dignity of every person and the intrinsic value of every creature,
and pray and work for the day when none “labor in vain or bear
children for calamity” (Isaiah 65:23). We do so as disciples of the
One who came “that all may have life, and have it abundantly” (John
10:10), and stand in solidarity with Christians and with all who
strive for justice around the globe.
In faith, responding to our Creator, we celebrate the full humanity
of each woman, man, and child, all created in the divine image as
individuals of infinite worth, by working for:
Full civil, political and economic rights for women and men of all
Abolition of forced labor, human trafficking, and the exploitation
Employment for all, at a family-sustaining living wage, with equal
pay for comparable work.
The rights of workers to organize, and to share in workplace
decisions and productivity growth.
Protection from dangerous working conditions, with time and benefits
to enable full family life.
A system of criminal rehabilitation, based on restorative justice
and an end to the death penalty.
In the love incarnate in Jesus, despite the world’s sufferings and
evils, we honor the deep connections within our human family and
seek to awaken a new spirit of community, by working for:
Abatement of hunger and poverty, and enactment of policies
benefiting the most vulnerable.
High quality public education for all and universal, affordable and
An effective program of social security during sickness, disability
and old age.
Tax and budget policies that reduce disparities between rich and
poor, strengthen democracy, and provide greater opportunity for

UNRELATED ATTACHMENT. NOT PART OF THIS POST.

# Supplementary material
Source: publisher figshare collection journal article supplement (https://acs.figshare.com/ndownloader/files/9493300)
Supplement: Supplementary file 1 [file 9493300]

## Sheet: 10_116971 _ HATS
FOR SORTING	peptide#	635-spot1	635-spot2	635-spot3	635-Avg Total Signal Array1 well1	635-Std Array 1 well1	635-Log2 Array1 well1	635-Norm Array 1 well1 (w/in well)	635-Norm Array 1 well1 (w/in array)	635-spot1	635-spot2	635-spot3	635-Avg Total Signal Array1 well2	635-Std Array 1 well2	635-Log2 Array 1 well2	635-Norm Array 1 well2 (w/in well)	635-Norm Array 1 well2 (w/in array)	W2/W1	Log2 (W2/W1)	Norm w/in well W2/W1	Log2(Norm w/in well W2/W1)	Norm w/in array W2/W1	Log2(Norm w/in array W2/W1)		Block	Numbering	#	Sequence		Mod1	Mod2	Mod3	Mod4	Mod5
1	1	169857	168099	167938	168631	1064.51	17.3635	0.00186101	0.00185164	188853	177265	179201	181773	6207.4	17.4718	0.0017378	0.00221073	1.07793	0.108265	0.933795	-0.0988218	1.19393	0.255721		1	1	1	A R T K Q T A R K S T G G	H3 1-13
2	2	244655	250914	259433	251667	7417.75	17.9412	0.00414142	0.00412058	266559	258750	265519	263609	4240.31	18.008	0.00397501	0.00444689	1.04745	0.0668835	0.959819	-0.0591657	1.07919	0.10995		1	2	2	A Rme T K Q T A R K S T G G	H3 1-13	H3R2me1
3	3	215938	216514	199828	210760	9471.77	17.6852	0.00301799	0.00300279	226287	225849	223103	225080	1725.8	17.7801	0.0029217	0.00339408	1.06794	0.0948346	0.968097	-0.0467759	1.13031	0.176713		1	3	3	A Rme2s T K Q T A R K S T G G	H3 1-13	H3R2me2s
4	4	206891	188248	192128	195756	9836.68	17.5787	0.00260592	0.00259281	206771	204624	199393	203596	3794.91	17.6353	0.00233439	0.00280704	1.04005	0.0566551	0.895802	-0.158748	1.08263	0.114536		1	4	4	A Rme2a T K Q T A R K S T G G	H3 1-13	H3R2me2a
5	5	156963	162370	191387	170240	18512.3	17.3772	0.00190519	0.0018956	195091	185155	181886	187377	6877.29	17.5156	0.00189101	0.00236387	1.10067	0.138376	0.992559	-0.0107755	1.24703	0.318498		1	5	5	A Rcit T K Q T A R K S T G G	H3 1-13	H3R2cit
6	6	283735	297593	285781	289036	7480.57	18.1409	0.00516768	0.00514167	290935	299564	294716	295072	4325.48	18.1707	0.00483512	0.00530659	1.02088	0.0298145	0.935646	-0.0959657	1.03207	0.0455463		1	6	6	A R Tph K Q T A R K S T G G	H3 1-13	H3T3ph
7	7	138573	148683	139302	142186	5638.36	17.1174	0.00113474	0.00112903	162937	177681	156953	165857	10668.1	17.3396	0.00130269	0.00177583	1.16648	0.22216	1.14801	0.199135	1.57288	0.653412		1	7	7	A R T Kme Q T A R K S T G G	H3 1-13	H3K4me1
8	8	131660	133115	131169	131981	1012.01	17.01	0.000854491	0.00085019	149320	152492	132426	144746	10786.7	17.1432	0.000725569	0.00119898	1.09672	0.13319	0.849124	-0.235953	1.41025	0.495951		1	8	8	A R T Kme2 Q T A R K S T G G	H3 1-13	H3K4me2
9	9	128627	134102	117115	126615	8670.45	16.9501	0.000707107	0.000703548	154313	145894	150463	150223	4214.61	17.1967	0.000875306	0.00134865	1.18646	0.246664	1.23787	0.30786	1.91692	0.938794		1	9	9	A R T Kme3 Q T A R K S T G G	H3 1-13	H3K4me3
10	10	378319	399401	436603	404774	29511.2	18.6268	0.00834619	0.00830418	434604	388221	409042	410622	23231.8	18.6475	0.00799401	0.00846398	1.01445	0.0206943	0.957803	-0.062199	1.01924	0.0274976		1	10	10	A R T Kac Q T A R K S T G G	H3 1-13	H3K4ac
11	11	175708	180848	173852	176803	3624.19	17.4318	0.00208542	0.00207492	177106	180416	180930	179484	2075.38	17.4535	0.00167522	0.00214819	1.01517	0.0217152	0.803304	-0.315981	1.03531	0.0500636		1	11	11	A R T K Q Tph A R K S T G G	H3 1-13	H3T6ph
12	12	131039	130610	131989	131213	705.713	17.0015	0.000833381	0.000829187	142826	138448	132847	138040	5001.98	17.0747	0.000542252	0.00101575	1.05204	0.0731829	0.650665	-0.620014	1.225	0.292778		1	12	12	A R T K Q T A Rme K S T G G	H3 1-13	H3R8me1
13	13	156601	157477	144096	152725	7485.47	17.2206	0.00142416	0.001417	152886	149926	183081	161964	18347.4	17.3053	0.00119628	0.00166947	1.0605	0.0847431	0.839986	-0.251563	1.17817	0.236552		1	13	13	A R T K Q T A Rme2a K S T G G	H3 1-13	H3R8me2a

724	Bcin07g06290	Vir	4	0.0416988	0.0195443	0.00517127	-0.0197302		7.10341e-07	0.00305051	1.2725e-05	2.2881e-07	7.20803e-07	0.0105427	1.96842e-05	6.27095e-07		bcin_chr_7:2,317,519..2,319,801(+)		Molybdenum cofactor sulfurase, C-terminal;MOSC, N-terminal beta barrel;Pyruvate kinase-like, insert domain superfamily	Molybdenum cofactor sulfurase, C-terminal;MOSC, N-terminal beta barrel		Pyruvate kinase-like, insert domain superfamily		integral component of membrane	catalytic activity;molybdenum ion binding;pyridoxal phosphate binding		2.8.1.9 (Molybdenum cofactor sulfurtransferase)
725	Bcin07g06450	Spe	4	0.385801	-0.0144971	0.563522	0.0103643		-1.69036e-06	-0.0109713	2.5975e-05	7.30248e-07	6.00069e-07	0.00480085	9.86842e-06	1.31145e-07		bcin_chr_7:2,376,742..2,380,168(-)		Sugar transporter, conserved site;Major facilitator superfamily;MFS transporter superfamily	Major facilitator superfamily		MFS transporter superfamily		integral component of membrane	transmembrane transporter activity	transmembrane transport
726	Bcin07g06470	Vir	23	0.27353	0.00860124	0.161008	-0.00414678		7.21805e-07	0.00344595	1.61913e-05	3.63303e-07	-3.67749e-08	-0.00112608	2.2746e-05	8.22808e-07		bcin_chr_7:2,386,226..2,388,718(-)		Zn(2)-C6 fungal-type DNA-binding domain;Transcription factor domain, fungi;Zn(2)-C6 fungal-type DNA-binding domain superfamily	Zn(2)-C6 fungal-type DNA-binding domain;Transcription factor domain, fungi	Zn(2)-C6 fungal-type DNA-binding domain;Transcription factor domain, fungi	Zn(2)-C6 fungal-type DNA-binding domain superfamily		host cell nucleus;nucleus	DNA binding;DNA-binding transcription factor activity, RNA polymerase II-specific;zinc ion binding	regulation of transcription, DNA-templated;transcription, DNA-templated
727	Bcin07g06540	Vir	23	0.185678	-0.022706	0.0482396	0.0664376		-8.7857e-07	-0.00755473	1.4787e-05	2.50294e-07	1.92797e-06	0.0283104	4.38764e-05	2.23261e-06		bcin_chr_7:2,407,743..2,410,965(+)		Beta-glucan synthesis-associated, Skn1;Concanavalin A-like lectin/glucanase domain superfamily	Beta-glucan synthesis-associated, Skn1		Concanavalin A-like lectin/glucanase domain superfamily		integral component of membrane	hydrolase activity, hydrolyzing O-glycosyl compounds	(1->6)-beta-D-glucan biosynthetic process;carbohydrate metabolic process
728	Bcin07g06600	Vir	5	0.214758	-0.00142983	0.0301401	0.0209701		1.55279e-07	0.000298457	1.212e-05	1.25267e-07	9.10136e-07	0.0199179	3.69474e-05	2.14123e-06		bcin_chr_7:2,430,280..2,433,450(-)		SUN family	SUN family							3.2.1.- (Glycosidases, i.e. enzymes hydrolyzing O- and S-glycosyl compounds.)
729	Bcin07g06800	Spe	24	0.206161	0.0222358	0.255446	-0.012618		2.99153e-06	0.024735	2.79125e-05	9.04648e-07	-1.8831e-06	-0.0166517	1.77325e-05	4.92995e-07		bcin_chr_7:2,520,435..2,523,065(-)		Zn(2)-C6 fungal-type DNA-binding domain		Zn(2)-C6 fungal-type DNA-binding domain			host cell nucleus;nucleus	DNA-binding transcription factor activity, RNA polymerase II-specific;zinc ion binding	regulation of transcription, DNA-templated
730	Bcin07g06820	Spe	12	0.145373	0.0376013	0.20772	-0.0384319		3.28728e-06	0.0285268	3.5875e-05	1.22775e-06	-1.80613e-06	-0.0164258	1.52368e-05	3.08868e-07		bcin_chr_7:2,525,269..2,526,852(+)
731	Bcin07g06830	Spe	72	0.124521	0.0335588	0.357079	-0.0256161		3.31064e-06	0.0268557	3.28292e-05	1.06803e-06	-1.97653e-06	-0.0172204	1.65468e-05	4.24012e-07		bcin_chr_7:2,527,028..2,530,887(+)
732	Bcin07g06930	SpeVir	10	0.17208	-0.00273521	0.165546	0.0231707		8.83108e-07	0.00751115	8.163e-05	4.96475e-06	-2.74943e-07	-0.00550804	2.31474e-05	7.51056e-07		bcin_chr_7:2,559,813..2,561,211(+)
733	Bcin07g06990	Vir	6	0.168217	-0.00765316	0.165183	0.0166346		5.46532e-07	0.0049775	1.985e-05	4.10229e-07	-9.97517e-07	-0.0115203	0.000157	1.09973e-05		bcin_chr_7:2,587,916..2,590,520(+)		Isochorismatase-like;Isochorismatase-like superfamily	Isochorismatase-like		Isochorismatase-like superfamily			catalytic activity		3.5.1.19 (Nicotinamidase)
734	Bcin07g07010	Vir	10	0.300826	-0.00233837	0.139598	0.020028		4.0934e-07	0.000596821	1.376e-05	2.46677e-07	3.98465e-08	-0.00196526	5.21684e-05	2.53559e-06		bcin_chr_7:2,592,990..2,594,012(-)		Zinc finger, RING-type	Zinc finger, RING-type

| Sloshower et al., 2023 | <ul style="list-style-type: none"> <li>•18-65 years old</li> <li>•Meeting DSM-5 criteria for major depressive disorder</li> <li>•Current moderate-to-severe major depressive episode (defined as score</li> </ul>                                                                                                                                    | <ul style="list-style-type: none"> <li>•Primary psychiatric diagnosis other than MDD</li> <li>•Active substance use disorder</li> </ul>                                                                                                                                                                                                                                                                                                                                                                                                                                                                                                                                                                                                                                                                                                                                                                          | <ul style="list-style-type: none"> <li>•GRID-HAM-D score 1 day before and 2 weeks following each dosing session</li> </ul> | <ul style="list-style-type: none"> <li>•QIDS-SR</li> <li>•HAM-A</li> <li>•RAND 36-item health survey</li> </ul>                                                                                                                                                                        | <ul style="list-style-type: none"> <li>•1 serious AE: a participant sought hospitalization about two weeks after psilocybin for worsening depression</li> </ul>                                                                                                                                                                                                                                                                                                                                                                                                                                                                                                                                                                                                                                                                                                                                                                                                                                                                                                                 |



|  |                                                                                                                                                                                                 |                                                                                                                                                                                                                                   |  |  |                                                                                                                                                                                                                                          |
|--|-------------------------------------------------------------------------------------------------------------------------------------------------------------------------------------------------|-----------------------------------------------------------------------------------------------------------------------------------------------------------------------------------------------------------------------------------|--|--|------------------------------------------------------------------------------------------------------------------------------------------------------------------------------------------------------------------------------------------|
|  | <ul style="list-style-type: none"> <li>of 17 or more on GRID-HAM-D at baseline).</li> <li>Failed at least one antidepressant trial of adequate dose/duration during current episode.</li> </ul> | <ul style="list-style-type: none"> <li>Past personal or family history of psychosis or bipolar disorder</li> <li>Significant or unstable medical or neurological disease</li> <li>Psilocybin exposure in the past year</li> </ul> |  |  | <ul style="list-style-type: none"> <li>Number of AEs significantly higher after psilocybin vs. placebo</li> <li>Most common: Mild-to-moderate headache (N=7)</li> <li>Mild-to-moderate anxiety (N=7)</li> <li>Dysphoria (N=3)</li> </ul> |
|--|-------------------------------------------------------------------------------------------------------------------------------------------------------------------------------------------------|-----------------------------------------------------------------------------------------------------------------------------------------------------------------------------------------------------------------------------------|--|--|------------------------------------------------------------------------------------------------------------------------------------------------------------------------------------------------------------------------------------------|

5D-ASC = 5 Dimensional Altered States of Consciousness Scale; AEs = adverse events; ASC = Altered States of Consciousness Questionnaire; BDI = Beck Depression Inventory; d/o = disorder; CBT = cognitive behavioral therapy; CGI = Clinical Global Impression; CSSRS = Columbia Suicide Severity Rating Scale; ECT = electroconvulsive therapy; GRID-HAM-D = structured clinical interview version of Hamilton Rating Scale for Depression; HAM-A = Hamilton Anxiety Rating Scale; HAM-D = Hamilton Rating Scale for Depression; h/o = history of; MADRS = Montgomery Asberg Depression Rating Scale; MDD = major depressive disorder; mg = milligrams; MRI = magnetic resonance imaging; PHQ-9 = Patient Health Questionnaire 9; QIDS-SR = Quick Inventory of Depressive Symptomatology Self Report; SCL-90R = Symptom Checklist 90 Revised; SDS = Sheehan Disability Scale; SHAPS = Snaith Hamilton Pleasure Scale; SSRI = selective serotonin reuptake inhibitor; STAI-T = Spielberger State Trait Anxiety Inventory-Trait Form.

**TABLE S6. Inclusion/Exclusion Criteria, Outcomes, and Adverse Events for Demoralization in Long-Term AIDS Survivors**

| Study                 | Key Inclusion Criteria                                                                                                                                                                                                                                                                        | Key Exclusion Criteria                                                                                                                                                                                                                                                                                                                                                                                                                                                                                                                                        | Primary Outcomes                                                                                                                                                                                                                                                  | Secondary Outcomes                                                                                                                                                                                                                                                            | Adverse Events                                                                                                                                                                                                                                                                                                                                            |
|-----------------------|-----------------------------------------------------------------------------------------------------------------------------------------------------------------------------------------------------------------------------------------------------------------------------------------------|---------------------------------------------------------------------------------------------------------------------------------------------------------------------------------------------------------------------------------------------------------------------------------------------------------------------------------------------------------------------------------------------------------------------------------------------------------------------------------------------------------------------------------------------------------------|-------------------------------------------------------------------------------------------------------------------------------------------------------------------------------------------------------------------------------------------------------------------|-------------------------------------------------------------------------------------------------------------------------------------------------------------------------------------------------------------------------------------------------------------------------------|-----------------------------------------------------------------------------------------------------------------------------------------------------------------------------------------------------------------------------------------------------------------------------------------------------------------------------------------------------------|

everyone within the common good.
Just immigration policies that protect family unity, safeguard
workers’ rights, require employer accountability, and foster
Sustainable communities marked by affordable housing, access to good
jobs, and public safety.
Public service as a high vocation, with real limits on the power of
private interests in politics.
In hope sustained by the Holy Spirit, we pledge to be peacemakers in
the world and stewards of God’s good creation, by working for:
Adoption of simpler lifestyles for those who have enough; grace over
greed in economic life.
Access for all to clean air and water and healthy food, through wise
care of land and technology.
Sustainable use of earth’s resources, promoting alternative energy
sources and public transportation with binding covenants to reduce
global warming and protect populations most affected.
Equitable global trade and aid that protects local economies,
cultures and livelihoods.
Peacemaking through multilateral diplomacy rather than unilateral
force, the abolition of torture, and a strengthening of the United
Nations and the rule of international law.
Nuclear disarmament and redirection of military spending to more
peaceful and productive uses.
Cooperation and dialogue for peace and environmental justice among
the world’s religions.
We - individual Christians and churches - commit ourselves to a
culture of peace and freedom that embraces non-violence, nurtures
character, treasures the environment, and builds community, rooted
in a spirituality of inner growth with outward action. We make this
commitment together—as members of Christ’s body, led by the one
Spirit—trusting in the God who makes all things new.
NCC News contact:
Philip E. Jenks, 212-870-2228,